Ram Dass: I’d much rather use the ecstatic path. I’m no fool! (laughter) I guess the thing is that ecstasy is easy for the ego to socialize in and protect itself. Suffering has an effect kind of like dripping water on stone. It eats your ego away.
Suffering confronts you with where you are holding. It shows you your stash; the attachments which you have been hiding from yourself. If you have no attachment then you wouldn’t be suffering. When you are suffering, you say, why am I suffering? I’m suffering because I’m holding onto a model of how it should be other than the way it is.
Pain is a strong stimulus and what model you have of what pain is has a lot to do with how you cope with it, and whether or not you can open to it being a part of you rather than trying to isolate it. One of the things with pain is that you tend to try to make it separate from yourself.
The art is to be mindful of it and yet fully with it. It’s the pushing against something that gets you into trouble: pushing against aging, pushing against the weather. But that doesn’t mean that you shouldn’t be an activist and push against things. It doesn’t mean that you don’t have opinions, it means that you’re notattached to your opinions. As Don Juan said, you huff and puff and make believe it’s real, even though you know it isn’t. (laughter)
Rebecca: How then do you think we can avoid the kind of polarization that we see in the abortion issue for example, where both sides seem beyond the point of being able to communicate with one another.
Ram Dass: If I were in a position to have some say, I would bring some of the leaders from each group together for a retreat where I would invite them just to listen to each other. You not only have to hear the other person, but they have to feel that they have been heard. If I feel you’ve heard me, then you and I can start a dialogue, but if I don’t feel that you’ve heard me, then I’m in opposition to you.
The question is, how do we create a meta-identity? We all think life is beautiful, we all think that life is sacred, but we also think that freedom from suffering is sacred. It’s not sacred versus profane. It’s not people of ill-will on either side. Everyone is trying to be as true to the light as they can.
Engaging everybody in the meta-game is a tricky one. You want to help them break their identification with their position. They’re not giving up their position, but their primary identification can shift from being an abortionist or an anti-abortionist, to being a human being who has an opinion about abortion. That’s a different place. Then everyone can sit around and say, what do we do about this? If everybody lays their cards on the table, the game is possible.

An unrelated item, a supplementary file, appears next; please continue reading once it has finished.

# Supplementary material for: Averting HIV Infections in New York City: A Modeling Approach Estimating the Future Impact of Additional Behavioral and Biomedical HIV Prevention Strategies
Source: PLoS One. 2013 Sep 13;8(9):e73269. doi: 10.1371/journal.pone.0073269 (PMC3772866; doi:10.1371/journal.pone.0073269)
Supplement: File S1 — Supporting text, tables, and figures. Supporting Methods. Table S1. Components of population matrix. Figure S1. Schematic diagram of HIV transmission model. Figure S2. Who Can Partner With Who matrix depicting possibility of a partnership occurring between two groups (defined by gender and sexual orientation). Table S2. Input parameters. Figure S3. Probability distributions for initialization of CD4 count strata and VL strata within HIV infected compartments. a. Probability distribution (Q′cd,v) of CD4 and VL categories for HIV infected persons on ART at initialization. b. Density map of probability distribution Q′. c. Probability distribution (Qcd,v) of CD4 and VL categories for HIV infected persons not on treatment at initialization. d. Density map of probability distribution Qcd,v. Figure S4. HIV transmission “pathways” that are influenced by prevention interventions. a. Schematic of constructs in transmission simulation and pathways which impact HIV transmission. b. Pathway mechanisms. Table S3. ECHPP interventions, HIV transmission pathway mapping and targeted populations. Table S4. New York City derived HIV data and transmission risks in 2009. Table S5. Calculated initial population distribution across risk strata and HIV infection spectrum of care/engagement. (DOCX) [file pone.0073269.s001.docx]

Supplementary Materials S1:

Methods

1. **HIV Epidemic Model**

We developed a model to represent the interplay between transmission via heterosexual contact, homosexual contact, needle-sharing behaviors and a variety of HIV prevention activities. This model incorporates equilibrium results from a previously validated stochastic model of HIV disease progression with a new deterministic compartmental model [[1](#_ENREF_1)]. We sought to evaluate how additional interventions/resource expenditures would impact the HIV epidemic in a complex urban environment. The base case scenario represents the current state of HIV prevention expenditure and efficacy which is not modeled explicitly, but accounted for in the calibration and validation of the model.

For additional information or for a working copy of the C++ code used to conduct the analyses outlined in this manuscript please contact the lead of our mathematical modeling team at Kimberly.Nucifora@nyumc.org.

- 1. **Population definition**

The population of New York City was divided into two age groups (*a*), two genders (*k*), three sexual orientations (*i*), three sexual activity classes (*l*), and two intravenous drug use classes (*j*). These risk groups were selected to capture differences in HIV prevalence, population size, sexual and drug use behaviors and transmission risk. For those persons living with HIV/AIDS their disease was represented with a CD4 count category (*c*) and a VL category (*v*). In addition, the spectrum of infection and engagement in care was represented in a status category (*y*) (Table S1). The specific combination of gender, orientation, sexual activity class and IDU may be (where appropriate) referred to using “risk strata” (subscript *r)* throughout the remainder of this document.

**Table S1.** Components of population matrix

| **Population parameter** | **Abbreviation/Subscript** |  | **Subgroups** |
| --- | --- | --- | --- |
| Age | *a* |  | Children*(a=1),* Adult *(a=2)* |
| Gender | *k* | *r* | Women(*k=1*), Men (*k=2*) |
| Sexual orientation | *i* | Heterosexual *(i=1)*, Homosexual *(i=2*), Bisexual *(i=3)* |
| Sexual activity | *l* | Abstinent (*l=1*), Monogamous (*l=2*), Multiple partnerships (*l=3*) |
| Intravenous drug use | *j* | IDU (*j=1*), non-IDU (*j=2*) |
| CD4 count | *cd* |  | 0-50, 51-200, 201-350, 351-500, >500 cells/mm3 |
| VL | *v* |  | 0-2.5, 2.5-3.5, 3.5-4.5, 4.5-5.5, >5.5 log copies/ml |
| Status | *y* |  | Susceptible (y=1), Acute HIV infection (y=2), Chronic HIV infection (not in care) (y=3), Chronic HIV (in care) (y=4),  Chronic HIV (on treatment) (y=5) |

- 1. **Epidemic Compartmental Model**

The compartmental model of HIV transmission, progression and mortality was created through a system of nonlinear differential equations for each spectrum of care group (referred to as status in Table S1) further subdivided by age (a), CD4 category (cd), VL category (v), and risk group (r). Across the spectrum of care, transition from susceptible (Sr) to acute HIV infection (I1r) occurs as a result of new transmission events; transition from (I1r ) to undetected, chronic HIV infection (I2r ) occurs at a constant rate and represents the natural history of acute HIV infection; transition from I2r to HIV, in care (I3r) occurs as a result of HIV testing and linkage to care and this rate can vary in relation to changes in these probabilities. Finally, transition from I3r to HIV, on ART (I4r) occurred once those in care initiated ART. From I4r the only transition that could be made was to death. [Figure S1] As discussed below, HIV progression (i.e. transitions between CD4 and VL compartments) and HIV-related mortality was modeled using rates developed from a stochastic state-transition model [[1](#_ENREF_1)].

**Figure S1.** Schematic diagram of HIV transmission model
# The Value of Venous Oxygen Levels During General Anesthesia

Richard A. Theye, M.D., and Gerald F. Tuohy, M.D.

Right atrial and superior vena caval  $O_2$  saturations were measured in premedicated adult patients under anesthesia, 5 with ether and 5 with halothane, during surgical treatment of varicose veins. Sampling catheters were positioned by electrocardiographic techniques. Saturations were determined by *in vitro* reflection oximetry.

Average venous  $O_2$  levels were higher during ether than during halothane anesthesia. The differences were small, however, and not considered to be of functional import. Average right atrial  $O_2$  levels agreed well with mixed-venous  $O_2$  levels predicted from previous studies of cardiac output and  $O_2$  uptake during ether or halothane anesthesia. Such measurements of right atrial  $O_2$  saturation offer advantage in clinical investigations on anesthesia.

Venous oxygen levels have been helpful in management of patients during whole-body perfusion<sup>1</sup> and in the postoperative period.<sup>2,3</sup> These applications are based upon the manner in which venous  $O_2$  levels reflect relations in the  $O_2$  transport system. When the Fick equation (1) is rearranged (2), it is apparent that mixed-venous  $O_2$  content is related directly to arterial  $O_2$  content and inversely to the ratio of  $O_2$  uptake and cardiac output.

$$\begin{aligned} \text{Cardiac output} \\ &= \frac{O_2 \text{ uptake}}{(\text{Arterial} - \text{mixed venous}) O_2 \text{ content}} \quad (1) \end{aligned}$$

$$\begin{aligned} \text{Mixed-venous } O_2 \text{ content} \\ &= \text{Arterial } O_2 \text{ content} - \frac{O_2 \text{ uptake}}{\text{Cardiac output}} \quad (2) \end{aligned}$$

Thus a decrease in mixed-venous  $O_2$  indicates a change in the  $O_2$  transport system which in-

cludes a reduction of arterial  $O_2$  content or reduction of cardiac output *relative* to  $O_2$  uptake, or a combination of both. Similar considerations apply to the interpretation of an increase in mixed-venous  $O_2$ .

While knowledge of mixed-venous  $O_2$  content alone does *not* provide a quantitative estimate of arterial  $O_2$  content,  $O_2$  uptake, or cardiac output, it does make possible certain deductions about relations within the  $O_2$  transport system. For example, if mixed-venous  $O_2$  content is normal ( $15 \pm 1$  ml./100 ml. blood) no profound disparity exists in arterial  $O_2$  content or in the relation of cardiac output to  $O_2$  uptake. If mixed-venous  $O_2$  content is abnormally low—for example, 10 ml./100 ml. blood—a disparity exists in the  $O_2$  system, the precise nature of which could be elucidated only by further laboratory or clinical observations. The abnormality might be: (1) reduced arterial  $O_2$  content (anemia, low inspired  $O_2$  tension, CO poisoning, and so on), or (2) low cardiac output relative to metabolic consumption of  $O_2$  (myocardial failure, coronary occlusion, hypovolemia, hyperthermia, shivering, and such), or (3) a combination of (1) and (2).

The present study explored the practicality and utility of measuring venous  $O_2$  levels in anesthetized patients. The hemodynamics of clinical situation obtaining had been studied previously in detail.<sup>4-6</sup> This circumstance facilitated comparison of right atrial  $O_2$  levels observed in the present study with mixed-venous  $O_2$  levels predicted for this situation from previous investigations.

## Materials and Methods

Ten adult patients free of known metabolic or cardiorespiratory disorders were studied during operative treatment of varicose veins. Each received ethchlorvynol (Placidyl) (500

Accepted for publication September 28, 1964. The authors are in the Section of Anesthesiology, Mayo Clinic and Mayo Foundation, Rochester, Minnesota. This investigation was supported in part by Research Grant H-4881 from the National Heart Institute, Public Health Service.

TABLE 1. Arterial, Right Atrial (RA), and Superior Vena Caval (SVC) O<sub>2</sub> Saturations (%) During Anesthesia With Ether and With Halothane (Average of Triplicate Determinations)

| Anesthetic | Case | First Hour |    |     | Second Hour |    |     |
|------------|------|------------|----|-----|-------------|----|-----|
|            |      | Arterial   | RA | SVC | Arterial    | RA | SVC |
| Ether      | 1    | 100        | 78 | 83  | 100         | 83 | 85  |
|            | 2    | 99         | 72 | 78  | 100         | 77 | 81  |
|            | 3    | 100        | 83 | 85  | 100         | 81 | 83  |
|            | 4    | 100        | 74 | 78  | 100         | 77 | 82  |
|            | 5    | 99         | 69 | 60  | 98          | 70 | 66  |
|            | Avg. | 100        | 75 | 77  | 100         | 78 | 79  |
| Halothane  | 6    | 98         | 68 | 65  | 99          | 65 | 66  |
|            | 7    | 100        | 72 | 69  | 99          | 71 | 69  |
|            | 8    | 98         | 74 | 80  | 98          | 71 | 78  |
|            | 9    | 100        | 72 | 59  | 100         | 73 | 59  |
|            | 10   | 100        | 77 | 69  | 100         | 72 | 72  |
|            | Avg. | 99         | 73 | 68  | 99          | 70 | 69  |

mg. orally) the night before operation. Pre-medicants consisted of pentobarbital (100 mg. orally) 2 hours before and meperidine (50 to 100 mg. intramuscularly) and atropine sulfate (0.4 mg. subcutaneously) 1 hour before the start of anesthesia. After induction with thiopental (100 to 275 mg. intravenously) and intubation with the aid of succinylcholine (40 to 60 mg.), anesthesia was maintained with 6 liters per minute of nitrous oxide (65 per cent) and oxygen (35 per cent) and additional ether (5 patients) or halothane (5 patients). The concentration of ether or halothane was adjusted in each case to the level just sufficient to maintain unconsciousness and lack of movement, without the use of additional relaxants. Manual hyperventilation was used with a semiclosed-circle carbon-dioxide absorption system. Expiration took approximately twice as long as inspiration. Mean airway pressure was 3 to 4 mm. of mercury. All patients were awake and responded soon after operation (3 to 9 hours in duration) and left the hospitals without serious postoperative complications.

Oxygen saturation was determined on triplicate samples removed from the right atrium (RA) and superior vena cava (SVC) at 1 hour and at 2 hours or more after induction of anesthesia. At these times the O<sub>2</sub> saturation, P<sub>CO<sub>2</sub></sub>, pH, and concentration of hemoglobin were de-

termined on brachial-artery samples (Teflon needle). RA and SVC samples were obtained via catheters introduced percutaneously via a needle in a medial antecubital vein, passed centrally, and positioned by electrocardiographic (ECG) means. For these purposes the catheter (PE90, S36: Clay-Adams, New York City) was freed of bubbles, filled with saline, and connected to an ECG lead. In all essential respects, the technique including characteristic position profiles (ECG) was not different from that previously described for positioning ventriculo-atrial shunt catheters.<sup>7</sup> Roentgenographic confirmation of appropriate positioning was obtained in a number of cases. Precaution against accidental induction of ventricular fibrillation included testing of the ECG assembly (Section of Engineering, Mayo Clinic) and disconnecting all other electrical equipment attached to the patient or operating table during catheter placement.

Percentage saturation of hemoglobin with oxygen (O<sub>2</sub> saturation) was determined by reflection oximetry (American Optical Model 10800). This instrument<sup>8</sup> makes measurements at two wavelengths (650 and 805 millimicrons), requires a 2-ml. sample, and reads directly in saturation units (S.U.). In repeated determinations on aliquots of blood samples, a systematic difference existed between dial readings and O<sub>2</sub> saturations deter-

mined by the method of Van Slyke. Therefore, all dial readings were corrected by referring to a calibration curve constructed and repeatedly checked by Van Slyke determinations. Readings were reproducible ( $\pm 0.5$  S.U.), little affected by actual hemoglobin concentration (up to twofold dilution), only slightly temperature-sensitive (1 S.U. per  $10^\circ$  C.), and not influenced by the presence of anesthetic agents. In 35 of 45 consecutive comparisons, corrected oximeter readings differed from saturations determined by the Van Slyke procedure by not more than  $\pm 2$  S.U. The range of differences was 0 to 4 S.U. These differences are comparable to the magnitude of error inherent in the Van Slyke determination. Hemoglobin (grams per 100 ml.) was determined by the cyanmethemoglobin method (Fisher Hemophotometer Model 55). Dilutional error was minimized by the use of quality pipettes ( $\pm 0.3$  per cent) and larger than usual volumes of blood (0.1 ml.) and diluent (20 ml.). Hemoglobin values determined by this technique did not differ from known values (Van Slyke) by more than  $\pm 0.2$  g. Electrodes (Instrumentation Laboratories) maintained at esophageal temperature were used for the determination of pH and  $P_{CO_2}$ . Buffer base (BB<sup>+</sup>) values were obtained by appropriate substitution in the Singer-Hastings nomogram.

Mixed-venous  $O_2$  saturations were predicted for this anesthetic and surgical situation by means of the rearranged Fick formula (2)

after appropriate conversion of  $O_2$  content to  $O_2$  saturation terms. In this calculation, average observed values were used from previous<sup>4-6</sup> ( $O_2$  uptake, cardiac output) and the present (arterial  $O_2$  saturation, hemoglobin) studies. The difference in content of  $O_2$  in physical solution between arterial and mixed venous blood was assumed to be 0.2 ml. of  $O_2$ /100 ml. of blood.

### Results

Rebecca: So you’re talking about developing a respect towards the other, even if that other doesn’t agree with you.
Ram Dass: Yeah. It’s like in politics. Everybody is using all of the external symbols of the fact that they’re doing that, respecting the other and trying to understand the other, but they’re not doing it. All alignment has been pre-empted in the service of third chakra ego power. It’s inevitable, I guess.
Rebecca: You talk about learning to use all life experiences, whether good or bad as grist for the mill and potential for spiritual growth. And I think about the people in Rwanda and what they’re going through; the disease and the famine and the apparent meaninglessness of it all, and I wonder what kind of spiritual growth they are achieving or have even the possibility of achieving from that.
Ram Dass: (long pause) That’s the mystery. That’s the mystery of suffering. If you could stand back enough to see the whole trip it might look quite different. Say you have freeze-frame photography and my arm is moving from pointing downwards to straight up in the air. If the middle frames are missing, then you see one situation and then another, with no apparant connection between them. You’re seeing the horror which is Rwanda, but you’re missing out on witnessing the beauty.
I would sit in front of Maharaji and I felt like he had a deck of cards of all my reincarnations. I could sense that he saw my incarnations in a context that I couldn’t see. It all seemed terribly real to me. If you look back at the events of your life, you’ll see that when you were in them, you didn’t see the context. I look back at my miserable times and realize how profoundly that helped me in where I am now.
Rebecca: So, if you see suffering in the context of a continuum then it becomes easier to understand.
Ram Dass: It all has to do with your time-frame. For the